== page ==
Copyright (c) 2009 Daniel C. Esty and Andrew S. Winston
Daniel C. Esty, co-author of Green to Gold: How Smart Companies Use Environmental Strategy to Innovate, Create Value, and Build Competitive Advantage, is the Hillhouse Professor at Yale University and Director of the Center for Business and the Environment at Yale (www.yale.edu/CBEY). Author and editor of nine books and dozens of articles, Dan is one of the world's leading corporate environmental strategy experts with twenty years of experience working with companies of all sizes and across many industries worldwide. He served as senior official at the U.S. Environmental Protection Agency in the early 1990s and is presently Chairman of Esty Environmental Partners (www.EstyEP.com).
Andrew S. Winston, co-author of Green to Gold: How Smart Companies Use Environmental Strategy to Innovate, Create Value, and Build Competitive Advantage, advises some of the world's leading companies on how to profit from environmental thinking. He is also a highly respected and dynamic speaker, exploring the business benefits of going green with audiences around the world. Andrew's earlier career included corporate strategy at Boston Consulting Group and management positions in marketing and business development at Time Warner and MTV. See www.andrewwinston.com for more information.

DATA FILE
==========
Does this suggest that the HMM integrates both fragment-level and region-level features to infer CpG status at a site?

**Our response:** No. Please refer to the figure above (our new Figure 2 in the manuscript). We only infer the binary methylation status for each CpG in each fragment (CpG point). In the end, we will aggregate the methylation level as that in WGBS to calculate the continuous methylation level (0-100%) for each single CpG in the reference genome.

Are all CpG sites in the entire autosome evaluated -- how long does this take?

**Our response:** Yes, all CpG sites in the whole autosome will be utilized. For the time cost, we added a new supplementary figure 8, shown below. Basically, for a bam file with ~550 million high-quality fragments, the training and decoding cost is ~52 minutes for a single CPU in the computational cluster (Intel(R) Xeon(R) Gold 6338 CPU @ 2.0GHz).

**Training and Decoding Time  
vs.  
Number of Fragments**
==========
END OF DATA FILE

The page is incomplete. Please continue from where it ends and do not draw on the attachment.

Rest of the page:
About Dylan Schleicher
Dylan Schleicher has been a part of the 800-CEO-READ claque since 2003. Even though he's stayed on at the company, he has not stayed put. After beginning in shipping & receiving, he joined customer service and accounting before moving into his current, highly elliptical orbit of duties overseeing the ChangeThis and In the Books websites, the company's annual review of books and in-house design. He lives with his wife and two children in the Washington Heights neighborhood on Milwaukee's West Side.